Bugs are usually not the fault of the computer/computers.

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jhelum

New Member
Chinese - China
Hi everyone,

I know the word "the" is often used as the definite article before nouns to refer to specific or particular things, but is it normal to use "the" before a noun in its singular form to refer to its own kind in general? Like in the sentences below:

"Bugs are usually not the fault of the computer."
"World War I served as a testbed for the use of the airplane as a weapon."

If those sentences are correct, then is it ok to say "The differences between the computer and the airplane are...", or should it be "
The differences between computers and airplanes are...", or "The differences between a computer and an airplane are..."?
 
  • EStjarn

    Senior Member
    Spanish
    I would say the use of the definite article in the first two sentences (which are lifted from Wikipedia's entries for Computer and Airplane respectively) is correct.

    Those nouns are called generic nouns, and you can find in previous discussions that posters agree that 'the' may be used with a singular noun to indicate that quality (
    see generic noun and generic nouns).

    I also found the following in the Wiki entry Generic Mood:
    English has no means of morphologically distinguishing a gnomic aspect [i.e. a generic mood]; however, a generic reference is generally understood to convey an equivalent meaning. Use of the definite article the or a demonstrative determiner usually implies specific individuals, as in "the car he owns is fast", "the cars he owns are fast", or "those rabbits are fast", whereas omitting the definite article or other determiner in the plural creates a generic reference: "rabbits are fast" describes rabbits in general. However, the definite article may also be used in the singular for classes of nouns, as in "The giraffe is the tallest land mammal living today", which does not refer to any specific giraffe, but to giraffes in general.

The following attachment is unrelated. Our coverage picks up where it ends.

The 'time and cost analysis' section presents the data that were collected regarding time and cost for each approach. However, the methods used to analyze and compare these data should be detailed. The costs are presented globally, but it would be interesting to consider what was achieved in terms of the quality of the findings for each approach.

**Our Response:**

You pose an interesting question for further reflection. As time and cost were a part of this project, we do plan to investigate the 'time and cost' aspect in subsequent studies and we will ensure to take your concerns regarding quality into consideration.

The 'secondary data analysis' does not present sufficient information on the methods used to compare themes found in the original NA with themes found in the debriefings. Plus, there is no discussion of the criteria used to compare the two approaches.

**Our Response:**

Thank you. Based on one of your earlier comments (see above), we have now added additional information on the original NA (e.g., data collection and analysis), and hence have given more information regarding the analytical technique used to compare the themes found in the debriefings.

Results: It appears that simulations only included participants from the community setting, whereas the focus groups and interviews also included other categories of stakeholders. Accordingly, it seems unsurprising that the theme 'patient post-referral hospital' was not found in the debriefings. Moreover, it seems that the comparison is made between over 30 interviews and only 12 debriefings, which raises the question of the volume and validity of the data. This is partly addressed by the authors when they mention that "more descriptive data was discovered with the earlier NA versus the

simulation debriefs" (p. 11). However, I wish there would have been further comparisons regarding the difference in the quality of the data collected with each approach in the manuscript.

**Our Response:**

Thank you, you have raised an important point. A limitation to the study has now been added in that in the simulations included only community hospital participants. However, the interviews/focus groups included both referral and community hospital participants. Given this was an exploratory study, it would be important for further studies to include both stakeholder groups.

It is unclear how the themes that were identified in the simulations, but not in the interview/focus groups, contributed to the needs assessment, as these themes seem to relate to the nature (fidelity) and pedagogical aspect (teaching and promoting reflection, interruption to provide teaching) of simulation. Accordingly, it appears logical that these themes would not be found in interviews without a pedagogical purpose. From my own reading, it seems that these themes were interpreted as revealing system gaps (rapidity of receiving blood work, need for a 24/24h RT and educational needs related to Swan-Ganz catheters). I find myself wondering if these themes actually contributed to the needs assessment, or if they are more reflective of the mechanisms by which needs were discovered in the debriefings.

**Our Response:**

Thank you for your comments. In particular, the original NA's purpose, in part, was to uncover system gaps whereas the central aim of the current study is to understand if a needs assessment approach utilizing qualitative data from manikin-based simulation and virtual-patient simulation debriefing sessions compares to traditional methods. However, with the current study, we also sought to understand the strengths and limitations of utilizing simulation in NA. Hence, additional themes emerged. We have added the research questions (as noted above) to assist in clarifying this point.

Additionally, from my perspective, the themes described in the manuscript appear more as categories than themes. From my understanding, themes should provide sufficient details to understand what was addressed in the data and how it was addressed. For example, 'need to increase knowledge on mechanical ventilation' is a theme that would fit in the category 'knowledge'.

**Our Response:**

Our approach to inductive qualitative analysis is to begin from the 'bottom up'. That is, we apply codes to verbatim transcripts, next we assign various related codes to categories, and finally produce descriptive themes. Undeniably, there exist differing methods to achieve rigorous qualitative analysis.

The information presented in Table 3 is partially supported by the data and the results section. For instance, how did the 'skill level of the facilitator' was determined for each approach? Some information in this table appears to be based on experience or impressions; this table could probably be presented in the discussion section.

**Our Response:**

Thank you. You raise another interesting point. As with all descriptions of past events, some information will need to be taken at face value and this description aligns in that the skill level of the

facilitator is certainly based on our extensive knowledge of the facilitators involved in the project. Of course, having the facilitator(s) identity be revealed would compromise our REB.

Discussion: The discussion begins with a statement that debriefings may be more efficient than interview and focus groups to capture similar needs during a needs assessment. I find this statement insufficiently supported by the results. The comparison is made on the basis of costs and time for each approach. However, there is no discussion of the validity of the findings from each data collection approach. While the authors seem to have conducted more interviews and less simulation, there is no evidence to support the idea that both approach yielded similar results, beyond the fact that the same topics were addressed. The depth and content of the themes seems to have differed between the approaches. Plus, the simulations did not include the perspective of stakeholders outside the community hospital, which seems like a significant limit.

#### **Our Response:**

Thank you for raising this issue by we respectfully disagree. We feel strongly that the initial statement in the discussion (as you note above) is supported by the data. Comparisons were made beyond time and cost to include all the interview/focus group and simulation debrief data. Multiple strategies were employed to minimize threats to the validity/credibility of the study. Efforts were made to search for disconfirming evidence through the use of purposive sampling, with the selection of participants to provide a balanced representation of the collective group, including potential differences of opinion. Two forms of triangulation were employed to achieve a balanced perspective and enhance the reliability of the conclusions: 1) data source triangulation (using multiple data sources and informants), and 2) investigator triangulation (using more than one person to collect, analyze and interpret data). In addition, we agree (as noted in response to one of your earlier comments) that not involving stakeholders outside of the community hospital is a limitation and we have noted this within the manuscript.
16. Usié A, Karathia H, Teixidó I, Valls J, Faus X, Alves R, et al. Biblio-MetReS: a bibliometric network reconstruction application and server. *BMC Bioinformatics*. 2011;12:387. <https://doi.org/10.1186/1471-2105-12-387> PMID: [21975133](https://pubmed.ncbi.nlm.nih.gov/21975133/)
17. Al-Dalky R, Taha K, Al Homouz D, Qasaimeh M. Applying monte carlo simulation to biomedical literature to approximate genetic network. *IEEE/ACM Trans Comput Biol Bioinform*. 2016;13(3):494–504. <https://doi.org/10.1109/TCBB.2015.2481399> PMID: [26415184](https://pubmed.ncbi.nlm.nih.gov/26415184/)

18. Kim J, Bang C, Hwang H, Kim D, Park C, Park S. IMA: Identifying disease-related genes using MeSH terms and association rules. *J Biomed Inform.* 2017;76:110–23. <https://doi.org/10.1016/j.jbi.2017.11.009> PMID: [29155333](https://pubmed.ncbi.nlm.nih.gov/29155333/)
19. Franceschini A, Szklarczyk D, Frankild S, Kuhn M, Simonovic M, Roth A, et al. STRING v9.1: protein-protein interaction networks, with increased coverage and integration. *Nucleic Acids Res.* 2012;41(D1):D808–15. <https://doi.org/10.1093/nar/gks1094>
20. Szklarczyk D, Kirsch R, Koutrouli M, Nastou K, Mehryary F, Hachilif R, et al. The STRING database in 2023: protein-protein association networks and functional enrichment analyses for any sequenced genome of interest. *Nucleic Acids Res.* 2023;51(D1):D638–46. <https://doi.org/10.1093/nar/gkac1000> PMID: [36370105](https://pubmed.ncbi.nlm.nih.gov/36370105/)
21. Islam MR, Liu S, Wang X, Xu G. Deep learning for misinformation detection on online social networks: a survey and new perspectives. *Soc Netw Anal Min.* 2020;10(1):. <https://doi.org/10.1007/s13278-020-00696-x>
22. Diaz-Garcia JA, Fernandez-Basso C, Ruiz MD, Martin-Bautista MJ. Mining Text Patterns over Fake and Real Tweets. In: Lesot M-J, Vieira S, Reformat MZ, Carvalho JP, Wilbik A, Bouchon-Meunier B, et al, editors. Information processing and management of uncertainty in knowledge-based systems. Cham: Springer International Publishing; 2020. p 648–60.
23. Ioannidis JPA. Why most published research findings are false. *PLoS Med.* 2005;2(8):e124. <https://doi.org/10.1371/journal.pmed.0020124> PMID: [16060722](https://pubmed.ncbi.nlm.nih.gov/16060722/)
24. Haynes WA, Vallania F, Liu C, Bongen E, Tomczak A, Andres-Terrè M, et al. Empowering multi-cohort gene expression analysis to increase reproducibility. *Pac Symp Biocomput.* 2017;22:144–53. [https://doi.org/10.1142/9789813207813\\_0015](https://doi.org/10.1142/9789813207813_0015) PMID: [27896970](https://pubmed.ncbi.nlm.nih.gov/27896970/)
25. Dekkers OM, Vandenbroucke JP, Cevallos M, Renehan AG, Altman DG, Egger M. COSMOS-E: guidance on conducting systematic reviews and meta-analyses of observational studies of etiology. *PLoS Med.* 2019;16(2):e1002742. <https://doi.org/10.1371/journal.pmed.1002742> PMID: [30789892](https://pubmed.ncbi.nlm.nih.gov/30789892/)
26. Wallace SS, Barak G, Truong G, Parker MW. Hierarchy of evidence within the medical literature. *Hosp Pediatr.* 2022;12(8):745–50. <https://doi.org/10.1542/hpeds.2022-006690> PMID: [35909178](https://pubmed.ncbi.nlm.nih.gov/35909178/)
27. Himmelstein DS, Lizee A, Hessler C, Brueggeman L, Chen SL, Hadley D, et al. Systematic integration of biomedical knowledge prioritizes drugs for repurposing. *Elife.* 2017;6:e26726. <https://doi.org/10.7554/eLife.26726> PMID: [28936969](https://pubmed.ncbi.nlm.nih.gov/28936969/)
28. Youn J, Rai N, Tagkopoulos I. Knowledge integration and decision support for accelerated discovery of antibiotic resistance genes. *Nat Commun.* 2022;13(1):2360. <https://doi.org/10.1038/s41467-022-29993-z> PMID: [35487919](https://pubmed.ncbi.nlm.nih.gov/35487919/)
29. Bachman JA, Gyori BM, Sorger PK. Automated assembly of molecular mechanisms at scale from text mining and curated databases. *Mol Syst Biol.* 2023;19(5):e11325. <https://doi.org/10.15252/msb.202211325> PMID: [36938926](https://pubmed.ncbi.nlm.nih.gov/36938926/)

If those sentences are correct, then is it ok to say "The differences between the computer and the airplane are...", or should it be "The differences between computers and airplanes are...", or "The differences between a computer and an airplane are..."?
    In my opinion, all your suggestions are correct. I think the more likely choice would be to use the indefinite article, as in your last fragment.
     
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